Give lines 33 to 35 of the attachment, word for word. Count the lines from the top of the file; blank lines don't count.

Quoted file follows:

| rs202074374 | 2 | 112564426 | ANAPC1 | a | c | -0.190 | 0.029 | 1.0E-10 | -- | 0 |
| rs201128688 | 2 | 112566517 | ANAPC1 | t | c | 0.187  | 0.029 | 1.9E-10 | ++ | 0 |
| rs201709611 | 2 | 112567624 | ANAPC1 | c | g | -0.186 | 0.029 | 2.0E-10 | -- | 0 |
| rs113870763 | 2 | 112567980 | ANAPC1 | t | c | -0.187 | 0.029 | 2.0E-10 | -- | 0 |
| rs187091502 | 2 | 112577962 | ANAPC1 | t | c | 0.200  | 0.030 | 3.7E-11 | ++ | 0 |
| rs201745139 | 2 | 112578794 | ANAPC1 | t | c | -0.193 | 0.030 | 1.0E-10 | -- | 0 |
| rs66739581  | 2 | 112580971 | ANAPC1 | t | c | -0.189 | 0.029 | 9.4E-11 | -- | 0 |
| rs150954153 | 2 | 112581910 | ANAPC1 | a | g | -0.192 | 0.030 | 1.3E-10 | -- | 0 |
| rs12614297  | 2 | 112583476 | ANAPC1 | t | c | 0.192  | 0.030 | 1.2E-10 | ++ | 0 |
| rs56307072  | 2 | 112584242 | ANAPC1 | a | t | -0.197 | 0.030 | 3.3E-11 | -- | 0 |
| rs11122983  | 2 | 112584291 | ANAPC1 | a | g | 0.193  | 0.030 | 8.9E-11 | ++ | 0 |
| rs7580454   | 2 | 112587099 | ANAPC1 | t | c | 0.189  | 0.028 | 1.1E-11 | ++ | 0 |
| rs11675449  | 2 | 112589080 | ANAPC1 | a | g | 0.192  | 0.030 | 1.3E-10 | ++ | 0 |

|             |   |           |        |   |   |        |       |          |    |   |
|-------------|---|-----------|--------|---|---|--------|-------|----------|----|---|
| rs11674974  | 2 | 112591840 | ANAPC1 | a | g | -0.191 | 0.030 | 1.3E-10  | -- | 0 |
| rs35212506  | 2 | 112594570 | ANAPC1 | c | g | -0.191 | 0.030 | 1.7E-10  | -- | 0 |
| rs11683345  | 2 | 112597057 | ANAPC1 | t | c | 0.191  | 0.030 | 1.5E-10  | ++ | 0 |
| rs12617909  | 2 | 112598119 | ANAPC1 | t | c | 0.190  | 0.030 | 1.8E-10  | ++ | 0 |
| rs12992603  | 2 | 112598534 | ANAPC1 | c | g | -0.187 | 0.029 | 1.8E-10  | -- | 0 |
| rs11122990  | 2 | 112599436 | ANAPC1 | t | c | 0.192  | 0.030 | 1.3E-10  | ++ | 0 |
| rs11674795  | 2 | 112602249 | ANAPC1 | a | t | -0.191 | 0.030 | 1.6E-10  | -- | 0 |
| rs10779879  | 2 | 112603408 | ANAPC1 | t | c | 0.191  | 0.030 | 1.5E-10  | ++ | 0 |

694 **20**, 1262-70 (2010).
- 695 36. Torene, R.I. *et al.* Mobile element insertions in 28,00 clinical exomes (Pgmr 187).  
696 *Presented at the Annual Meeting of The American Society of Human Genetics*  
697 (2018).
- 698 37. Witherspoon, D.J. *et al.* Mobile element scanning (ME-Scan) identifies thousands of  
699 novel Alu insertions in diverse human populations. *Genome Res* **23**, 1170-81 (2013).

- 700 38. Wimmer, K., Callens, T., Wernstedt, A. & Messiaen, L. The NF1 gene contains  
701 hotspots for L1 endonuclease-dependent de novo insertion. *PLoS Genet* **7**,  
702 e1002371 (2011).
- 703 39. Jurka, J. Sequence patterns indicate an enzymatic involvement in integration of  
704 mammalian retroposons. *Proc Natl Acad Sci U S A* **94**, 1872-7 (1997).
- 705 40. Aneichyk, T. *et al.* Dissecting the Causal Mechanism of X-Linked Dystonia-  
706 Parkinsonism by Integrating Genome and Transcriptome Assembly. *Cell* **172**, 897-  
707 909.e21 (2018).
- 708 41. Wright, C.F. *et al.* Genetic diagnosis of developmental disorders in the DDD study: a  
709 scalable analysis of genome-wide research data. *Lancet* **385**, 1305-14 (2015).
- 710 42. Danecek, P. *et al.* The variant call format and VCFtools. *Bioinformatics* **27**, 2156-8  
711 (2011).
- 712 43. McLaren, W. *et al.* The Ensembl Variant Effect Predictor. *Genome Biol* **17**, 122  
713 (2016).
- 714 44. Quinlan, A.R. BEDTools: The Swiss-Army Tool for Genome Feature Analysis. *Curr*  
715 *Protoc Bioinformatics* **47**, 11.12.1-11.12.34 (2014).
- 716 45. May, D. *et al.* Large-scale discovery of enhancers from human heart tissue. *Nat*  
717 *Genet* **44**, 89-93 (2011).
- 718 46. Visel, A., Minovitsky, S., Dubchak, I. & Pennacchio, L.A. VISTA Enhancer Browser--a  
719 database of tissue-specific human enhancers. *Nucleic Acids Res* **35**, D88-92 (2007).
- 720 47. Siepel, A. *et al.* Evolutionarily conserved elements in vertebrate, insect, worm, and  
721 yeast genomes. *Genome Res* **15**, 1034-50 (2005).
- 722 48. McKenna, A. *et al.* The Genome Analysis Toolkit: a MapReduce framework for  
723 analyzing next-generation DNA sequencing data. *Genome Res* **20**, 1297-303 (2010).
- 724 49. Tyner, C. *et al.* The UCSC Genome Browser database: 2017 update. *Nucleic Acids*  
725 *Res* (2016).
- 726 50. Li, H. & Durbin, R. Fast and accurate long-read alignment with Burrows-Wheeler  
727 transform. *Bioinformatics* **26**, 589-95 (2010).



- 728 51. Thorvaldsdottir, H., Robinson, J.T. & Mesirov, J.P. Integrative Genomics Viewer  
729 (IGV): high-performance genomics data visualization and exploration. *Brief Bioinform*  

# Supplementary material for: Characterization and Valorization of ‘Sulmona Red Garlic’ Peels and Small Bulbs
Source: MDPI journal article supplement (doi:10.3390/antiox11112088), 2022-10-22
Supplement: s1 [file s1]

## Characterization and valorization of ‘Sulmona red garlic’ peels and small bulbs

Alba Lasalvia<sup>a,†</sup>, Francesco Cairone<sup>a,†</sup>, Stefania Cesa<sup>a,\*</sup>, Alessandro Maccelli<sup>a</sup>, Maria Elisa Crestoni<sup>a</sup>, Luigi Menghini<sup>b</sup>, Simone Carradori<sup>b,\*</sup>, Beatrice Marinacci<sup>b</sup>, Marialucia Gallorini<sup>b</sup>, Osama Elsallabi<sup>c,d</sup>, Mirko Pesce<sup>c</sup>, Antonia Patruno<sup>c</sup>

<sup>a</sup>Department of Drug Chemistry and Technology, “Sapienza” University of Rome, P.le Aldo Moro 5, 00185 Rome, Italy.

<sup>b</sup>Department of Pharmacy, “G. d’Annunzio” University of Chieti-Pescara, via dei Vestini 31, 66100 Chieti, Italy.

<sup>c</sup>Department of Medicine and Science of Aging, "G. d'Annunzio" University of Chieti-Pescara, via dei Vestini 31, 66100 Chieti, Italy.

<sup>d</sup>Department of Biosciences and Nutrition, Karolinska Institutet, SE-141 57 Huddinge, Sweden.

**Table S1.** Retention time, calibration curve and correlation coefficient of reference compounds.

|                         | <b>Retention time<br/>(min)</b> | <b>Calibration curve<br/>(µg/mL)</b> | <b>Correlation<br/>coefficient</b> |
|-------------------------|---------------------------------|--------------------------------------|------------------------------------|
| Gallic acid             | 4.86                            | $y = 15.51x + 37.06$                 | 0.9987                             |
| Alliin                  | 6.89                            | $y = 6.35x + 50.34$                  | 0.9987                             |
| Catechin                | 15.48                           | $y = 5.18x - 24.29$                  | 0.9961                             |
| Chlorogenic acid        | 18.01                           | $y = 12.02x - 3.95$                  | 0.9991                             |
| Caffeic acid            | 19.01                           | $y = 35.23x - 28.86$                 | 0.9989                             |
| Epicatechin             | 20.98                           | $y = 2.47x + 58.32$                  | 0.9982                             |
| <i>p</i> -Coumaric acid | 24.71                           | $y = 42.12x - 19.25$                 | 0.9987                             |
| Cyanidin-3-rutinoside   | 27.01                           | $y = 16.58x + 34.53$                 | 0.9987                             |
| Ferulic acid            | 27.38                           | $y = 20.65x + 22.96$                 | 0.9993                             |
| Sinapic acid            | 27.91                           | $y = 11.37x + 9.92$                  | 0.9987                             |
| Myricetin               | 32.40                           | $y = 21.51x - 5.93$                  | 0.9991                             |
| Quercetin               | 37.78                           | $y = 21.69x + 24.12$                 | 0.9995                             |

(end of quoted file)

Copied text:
- 703 39. Jurka, J. Sequence patterns indicate an enzymatic involvement in integration of  
704 mammalian retroposons. *Proc Natl Acad Sci U S A* **94**, 1872-7 (1997).
- 705 40. Aneichyk, T. *et al.* Dissecting the Causal Mechanism of X-Linked Dystonia-  